Tangram is designed to work with vector tiles in a number of formats. Data sources are specified in the sources block of Tangram's scene file. Once a datasource is specified, filters allow you to style different parts of your data in different ways.

The Tangram scene file filters data in two ways: with top-level layer filters and lower-level feature filters.

Layer filters

Vector tiles typically contain top-level structures which can be thought of as "layers" – inside a GeoJSON file, these would be the FeatureCollection objects. Inside a Tangram scene file, the layers object allows you to split the data by layer, by matching against the layer name.

            source: nextzen
            layer: roads
        draw: ...

Specifying layer: roads in the data block matches this GeoJSON object:


Layer name shortcut

If a layer filter is not specified, Tangram will attempt to use the layer name as the filter. In this example, the layer name "roads" matches a layer in the data:

            source: nextzen
        draw: ...

Feature filters

Once a top-level layer filter has been applied, feature-level filter objects can be defined to filter by feature properties, in order to further narrow down the data of interest and refine the styles applied to the data.

        data: { source: nextzen }

                kind: highway
            draw: ...

Here, a top-level layer named "roads" matches the "roads" layer in the "osm" data source. It has a style block, which will apply to all features in the "roads" layer unless it is overridden, functioning as a kind of "default" style.

Then, a sublayer named "highway" is declared, with its own filter and draw. Its draw block will apply only to roads which match its filter – in this case, those with the property "kind", with a value of "highway".


Higher-level filters continue to apply at lower levels, which means that higher-level draw parameters will be inherited by lower levels, unless the lower level explicitly changes the draw parameters.

Using sublayers and inheritance, you may specify increasingly specific filters and draw styles to account for as many special cases as you like.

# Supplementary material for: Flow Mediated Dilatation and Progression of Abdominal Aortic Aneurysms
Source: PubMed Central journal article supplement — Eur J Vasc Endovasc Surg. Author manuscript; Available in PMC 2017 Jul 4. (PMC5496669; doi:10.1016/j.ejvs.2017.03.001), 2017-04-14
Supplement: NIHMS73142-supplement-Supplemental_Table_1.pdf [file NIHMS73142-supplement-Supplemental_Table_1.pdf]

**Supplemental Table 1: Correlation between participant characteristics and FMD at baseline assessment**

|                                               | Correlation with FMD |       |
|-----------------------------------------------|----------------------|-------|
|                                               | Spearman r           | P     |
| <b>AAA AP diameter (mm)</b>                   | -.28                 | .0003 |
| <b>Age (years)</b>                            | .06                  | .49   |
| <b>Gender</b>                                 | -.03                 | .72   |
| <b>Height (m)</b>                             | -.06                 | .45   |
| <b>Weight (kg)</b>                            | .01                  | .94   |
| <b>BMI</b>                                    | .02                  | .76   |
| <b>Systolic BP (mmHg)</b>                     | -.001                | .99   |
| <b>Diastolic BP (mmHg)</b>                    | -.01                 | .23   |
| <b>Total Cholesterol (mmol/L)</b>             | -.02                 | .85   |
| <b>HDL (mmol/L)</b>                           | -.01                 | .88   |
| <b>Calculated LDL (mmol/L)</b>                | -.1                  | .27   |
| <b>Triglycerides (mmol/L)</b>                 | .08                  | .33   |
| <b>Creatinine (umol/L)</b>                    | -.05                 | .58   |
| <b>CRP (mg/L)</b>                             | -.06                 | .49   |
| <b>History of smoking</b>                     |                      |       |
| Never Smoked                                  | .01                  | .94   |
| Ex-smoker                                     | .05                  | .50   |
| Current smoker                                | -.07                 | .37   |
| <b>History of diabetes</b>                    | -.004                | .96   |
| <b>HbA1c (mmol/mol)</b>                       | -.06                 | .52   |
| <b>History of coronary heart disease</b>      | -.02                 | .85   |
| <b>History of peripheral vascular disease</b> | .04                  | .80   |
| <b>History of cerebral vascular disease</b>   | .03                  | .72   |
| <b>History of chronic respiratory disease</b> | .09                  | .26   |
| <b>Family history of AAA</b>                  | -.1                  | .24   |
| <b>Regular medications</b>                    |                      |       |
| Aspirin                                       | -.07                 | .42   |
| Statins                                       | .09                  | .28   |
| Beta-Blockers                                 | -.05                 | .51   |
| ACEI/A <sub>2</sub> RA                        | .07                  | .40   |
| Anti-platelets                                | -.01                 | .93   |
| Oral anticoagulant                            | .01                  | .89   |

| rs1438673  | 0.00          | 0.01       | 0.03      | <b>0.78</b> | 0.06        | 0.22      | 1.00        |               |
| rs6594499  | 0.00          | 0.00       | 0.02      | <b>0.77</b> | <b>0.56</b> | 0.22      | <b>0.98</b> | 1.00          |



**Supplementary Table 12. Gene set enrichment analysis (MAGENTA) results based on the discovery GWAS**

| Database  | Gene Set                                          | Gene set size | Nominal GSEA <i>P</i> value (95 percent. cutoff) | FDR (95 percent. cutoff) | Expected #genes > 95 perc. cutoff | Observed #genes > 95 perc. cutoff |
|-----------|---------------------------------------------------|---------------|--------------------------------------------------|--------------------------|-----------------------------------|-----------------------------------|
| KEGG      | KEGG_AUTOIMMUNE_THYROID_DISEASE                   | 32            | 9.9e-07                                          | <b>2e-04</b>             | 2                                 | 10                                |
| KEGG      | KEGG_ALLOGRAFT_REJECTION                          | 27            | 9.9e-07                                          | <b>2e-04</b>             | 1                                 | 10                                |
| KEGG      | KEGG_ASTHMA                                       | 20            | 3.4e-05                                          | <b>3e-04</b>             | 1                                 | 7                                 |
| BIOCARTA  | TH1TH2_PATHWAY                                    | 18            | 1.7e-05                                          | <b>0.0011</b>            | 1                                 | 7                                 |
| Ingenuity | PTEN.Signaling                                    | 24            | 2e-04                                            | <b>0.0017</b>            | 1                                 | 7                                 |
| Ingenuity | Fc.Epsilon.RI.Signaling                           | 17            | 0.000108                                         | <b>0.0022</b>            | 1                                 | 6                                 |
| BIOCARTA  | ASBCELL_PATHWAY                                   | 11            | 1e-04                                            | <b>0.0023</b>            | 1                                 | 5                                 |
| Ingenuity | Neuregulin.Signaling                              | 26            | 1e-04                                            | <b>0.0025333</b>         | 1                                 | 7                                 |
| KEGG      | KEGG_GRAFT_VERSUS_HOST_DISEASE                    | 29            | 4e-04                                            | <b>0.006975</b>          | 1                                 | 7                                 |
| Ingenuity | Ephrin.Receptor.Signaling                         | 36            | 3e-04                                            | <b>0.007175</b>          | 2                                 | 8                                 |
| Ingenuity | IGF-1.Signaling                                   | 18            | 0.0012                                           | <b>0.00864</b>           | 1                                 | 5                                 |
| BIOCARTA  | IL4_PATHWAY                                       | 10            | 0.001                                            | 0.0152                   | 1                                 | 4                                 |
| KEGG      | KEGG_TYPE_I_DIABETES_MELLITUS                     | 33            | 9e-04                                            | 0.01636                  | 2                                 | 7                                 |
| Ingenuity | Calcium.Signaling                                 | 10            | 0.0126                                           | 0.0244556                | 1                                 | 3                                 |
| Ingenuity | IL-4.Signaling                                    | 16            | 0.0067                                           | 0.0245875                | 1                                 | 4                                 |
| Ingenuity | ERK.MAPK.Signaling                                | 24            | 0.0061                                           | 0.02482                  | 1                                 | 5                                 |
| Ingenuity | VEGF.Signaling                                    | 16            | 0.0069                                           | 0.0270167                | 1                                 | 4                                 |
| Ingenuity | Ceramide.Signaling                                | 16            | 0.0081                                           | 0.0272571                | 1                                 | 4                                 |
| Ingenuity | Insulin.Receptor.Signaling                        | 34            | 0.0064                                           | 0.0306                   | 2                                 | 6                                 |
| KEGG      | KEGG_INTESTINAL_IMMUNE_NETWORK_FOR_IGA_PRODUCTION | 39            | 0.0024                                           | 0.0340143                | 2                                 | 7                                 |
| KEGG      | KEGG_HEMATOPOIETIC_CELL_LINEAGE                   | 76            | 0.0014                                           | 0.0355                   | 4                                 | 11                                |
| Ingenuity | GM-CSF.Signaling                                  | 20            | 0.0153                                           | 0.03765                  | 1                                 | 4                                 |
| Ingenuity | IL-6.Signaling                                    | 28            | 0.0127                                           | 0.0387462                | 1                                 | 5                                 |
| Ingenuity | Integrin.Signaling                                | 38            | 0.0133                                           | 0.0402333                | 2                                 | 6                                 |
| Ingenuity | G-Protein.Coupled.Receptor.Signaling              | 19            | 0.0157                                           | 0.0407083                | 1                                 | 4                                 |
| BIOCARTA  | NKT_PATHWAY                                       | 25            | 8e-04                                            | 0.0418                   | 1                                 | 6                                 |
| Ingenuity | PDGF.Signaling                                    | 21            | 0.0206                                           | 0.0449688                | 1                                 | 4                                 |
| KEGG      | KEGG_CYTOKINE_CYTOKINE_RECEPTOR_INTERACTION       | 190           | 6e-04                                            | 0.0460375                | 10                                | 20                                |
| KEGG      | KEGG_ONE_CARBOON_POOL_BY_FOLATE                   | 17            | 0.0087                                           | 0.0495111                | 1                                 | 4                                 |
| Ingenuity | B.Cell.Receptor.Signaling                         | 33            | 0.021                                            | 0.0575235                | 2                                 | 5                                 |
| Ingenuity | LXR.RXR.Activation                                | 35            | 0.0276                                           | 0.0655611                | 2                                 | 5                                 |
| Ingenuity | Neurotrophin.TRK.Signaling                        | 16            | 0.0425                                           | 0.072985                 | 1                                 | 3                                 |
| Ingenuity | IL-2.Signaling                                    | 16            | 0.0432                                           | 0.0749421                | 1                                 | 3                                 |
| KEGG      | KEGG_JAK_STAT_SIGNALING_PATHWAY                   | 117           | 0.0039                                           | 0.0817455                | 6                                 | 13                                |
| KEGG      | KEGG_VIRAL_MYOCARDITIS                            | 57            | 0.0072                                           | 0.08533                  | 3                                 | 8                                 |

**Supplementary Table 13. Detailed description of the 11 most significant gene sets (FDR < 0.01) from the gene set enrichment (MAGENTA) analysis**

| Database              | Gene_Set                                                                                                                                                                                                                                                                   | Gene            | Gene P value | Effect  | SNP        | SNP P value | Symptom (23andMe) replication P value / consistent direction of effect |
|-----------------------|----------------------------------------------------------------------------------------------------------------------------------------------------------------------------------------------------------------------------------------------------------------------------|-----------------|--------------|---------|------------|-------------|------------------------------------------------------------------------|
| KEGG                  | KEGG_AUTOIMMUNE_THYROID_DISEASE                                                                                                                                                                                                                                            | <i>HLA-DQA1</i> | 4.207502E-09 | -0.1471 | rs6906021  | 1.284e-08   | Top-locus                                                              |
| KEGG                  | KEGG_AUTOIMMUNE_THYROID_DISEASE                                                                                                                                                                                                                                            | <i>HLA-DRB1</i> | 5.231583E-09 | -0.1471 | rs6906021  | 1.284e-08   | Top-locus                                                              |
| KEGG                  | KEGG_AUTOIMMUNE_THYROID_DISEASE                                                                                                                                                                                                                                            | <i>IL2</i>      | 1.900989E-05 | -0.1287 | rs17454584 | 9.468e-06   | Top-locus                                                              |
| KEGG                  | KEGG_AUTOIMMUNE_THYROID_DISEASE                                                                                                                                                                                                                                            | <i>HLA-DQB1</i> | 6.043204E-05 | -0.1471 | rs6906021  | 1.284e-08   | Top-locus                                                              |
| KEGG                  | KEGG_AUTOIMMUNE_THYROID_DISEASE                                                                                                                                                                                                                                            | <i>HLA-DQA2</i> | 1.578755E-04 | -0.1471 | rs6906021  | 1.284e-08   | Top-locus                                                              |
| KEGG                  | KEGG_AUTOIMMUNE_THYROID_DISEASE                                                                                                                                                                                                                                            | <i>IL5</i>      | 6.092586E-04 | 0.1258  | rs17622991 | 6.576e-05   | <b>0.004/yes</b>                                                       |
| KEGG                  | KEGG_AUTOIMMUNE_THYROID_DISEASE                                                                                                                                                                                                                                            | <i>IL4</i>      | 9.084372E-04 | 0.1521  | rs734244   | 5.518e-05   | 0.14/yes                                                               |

Each feature in a layer is first tested against each top-level filter, and if the feature's data matches the filter, that feature will be assigned any associated draw styles, and passed on to any sublayers. If any sublayer filters match the feature, that sublayer's draw styles will overwrite any previously-assigned styling rules for those matching features, and so on down the chain of inheritance.

Feature filters can match any named feature property in the data, as well as a few special reserved keywords.

Feature properties

Feature properties in a GeoJSON datasource are listed in a JSON member specifically named "properties":

    "type": "Feature",
    "id": "248156318",
    "properties": {
        "kind": "commercial",
        "area": 12148,
        "height": 63.4000000

Analogous property structures exist in other data formats such as TopoJSON and Mapbox Vector Tiles. Tangram makes these structures available to filter blocks by property name, and also to any JavaScript filter functions under the feature keyword.

The json feature above will match these two filters:

    kind: commercial

filter: function() { return feature.kind == "commercial"; }

The simplest type of feature filter is a statement about one named property of a feature.

A filter can match an exact value:

    kind: residential

any value in a list:

    kind: [residential, commercial]

or a value in a numeric range:

    area: { min: 100, max: 500 }

A Boolean value of "true" will pass a feature that contains the named property, ignoring the property's value. A value of "false" will pass a feature that does not contain the named property:

    kind: true
    area: false

To match a property whose value is a boolean, use the list syntax:

    boolean_property: [true]

A feature filter can also evaluate one or more properties in a JavaScript function:

    function() { return feature.area > 100000 }

For example, let's say we have a feature with a single property called "height":

{ "type":"Feature", "properties":{ "height":200 } }

This feature will match these filters:

filter: { height: 200 }
filter: { height: { max: 300 } }
filter: { height: true }
filter: { unicycle: false }
filter: function() { return feature.height >= 100; }
filter: function() { return true; }

and will not match these filters:

filter: { height: 100 }
filter: { height: { min: 300 } }
filter: { height: false }
filter: { unicycle: true }
filter: function() { return feature.height <= 100; }
filter: function() { return false; }

Keyword properties

The keyword $geometry matches the feature's geometry type, for cases when a FeatureCollection includes more than one type of kind of geometry. Valid geometry types are:

  • point: matches Point, MultiPoint
  • line: matches LineString, MultiLineString
  • polygon: matches Polygon, MultiPolygon
filter: { $geometry: polygon }                      # matches polygons only

filter: { $geometry: [point, line] }                # matches points and lines, but not polygons

filter: function() { return $geometry === 'line' }  # matches lines only

The keyword $layer matches the feature's layer name, for cases when a data layer includes more than one source layer. In the case below, a data layer is created from two source layers, which can then be separated again by layer for styling:

    data: { source: nextzen, layer: [places, pois] }